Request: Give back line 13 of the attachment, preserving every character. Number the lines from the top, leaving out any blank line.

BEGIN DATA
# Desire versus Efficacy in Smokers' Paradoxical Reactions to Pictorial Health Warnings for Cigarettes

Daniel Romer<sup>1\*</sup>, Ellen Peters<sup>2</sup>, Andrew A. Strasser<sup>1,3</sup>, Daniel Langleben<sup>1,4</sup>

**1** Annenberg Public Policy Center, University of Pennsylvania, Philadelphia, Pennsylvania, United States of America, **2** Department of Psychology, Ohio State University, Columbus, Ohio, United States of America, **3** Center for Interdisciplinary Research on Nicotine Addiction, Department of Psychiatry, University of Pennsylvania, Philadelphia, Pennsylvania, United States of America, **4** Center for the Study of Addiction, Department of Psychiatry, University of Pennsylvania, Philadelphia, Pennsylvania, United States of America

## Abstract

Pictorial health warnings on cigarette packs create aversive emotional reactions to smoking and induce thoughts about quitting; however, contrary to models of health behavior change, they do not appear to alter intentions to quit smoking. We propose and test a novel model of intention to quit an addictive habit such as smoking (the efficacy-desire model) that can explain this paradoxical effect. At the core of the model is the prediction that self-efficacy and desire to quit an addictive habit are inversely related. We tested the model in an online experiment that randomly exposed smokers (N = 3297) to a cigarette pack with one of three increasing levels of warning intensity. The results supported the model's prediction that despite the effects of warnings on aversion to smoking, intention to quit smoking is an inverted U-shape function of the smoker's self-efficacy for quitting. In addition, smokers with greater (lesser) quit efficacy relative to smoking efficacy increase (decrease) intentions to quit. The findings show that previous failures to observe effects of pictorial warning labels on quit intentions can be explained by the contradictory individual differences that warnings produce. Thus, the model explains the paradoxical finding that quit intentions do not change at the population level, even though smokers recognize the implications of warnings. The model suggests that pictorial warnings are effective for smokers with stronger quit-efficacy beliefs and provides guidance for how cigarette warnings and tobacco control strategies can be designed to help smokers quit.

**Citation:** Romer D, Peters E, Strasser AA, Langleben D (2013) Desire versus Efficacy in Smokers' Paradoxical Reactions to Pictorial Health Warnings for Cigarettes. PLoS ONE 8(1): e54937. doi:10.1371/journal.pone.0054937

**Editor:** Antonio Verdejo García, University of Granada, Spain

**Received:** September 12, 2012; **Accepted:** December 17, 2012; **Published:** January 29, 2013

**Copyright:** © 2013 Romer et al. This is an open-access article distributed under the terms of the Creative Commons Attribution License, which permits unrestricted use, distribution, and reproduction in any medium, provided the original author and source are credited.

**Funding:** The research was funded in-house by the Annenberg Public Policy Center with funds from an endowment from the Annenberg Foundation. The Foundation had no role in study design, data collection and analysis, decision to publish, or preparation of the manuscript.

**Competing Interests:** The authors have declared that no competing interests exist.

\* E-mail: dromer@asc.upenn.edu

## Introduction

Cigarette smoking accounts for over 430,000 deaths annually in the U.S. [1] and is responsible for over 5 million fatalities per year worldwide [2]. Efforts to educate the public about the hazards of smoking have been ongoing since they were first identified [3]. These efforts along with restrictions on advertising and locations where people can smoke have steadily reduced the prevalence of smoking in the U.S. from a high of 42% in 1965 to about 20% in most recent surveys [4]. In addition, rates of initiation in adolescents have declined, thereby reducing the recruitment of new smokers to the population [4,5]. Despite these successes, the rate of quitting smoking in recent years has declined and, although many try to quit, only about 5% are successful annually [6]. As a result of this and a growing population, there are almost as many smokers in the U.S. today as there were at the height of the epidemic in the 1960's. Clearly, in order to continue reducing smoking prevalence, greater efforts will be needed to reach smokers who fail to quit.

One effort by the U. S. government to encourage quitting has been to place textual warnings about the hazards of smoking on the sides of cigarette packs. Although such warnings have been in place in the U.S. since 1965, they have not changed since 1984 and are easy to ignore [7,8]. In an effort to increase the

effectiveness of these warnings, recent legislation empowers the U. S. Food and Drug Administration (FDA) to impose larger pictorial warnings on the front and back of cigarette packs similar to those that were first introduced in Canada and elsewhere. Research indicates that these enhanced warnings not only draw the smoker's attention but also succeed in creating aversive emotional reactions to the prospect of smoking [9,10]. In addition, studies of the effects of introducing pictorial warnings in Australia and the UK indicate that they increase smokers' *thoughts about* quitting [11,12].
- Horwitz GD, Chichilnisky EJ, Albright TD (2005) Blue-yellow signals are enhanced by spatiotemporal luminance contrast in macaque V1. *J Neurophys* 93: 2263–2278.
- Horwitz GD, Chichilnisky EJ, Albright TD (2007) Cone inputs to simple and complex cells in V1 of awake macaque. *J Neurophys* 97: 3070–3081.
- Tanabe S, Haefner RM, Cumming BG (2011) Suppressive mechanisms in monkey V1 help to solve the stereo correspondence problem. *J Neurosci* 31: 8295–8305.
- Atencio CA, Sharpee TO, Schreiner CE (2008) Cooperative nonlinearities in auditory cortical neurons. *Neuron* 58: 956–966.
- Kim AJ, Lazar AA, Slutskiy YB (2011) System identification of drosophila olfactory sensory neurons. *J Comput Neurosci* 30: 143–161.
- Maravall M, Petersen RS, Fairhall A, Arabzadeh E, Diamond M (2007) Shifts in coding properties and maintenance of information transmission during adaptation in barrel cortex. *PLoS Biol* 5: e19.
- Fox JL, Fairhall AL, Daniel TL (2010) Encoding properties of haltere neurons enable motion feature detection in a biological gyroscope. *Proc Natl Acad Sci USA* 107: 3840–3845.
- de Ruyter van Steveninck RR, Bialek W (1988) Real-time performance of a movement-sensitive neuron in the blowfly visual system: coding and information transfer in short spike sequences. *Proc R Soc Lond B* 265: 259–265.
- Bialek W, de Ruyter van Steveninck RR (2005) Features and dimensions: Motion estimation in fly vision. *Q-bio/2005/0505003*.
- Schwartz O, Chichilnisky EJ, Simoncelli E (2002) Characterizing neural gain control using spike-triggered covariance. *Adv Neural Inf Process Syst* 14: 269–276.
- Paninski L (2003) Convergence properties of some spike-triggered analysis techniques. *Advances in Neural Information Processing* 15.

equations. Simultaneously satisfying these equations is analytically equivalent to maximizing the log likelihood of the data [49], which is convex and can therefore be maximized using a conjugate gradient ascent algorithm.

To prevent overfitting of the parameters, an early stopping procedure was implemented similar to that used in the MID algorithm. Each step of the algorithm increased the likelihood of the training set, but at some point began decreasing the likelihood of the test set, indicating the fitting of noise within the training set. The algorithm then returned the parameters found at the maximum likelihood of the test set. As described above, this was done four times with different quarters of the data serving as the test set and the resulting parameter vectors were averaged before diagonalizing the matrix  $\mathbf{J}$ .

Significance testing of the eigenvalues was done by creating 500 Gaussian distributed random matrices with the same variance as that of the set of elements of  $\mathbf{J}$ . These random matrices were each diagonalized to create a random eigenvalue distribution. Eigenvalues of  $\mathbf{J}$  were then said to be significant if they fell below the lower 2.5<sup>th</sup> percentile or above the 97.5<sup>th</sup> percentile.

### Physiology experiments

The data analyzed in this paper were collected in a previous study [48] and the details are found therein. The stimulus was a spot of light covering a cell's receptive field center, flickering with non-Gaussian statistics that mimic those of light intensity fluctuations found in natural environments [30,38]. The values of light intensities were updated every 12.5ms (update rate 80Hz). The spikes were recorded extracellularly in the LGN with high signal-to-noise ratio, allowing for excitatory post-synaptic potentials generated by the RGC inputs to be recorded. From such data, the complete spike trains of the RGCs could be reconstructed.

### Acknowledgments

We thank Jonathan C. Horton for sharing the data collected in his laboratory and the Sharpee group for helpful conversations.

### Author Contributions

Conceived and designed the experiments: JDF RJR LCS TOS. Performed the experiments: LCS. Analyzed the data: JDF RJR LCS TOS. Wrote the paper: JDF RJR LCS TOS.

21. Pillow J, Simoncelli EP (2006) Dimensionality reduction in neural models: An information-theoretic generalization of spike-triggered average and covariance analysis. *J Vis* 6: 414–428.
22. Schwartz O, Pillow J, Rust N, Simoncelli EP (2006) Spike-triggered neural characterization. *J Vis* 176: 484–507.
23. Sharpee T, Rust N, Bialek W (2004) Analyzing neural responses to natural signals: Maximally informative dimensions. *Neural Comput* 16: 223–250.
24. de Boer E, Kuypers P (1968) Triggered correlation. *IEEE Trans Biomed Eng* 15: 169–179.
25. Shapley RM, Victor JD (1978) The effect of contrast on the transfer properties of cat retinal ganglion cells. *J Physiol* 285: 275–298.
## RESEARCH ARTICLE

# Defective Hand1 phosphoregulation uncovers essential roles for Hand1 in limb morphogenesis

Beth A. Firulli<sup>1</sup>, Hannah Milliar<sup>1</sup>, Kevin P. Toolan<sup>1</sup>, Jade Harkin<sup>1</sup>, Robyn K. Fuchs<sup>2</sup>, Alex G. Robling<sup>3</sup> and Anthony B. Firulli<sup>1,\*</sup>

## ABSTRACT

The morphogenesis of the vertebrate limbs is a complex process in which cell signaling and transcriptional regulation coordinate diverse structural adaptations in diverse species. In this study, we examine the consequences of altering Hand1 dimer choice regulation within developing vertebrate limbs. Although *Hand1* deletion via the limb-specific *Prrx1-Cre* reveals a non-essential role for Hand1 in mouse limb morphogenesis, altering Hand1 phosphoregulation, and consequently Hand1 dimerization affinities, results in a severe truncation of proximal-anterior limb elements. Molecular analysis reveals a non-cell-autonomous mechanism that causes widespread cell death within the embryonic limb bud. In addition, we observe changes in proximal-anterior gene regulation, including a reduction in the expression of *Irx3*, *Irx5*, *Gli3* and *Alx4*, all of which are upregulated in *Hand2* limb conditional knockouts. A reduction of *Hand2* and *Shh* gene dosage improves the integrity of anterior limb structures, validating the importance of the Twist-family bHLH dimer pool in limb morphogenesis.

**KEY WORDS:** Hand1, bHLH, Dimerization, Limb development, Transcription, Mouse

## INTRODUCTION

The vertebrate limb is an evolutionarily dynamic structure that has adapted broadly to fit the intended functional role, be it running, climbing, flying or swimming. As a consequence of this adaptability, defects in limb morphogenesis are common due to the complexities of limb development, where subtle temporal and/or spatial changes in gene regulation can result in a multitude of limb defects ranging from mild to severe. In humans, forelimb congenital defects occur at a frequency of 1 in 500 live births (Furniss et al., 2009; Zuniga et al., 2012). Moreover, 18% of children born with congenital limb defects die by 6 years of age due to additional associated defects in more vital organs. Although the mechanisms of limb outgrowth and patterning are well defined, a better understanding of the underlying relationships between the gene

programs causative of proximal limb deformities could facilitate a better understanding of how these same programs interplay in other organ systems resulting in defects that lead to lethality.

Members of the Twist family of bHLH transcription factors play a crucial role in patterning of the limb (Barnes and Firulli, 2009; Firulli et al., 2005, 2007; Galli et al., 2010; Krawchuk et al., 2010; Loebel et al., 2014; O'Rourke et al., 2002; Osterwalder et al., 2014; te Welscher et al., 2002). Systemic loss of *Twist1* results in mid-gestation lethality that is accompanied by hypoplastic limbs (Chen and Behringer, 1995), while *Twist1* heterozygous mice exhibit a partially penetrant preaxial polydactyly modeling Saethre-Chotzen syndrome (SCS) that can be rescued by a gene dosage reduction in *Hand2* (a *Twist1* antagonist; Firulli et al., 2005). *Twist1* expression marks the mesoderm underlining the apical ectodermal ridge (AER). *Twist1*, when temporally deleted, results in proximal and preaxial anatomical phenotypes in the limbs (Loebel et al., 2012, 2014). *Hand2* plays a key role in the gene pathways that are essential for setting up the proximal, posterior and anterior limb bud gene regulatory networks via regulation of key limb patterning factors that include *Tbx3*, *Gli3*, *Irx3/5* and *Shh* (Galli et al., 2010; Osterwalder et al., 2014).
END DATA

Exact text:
## Introduction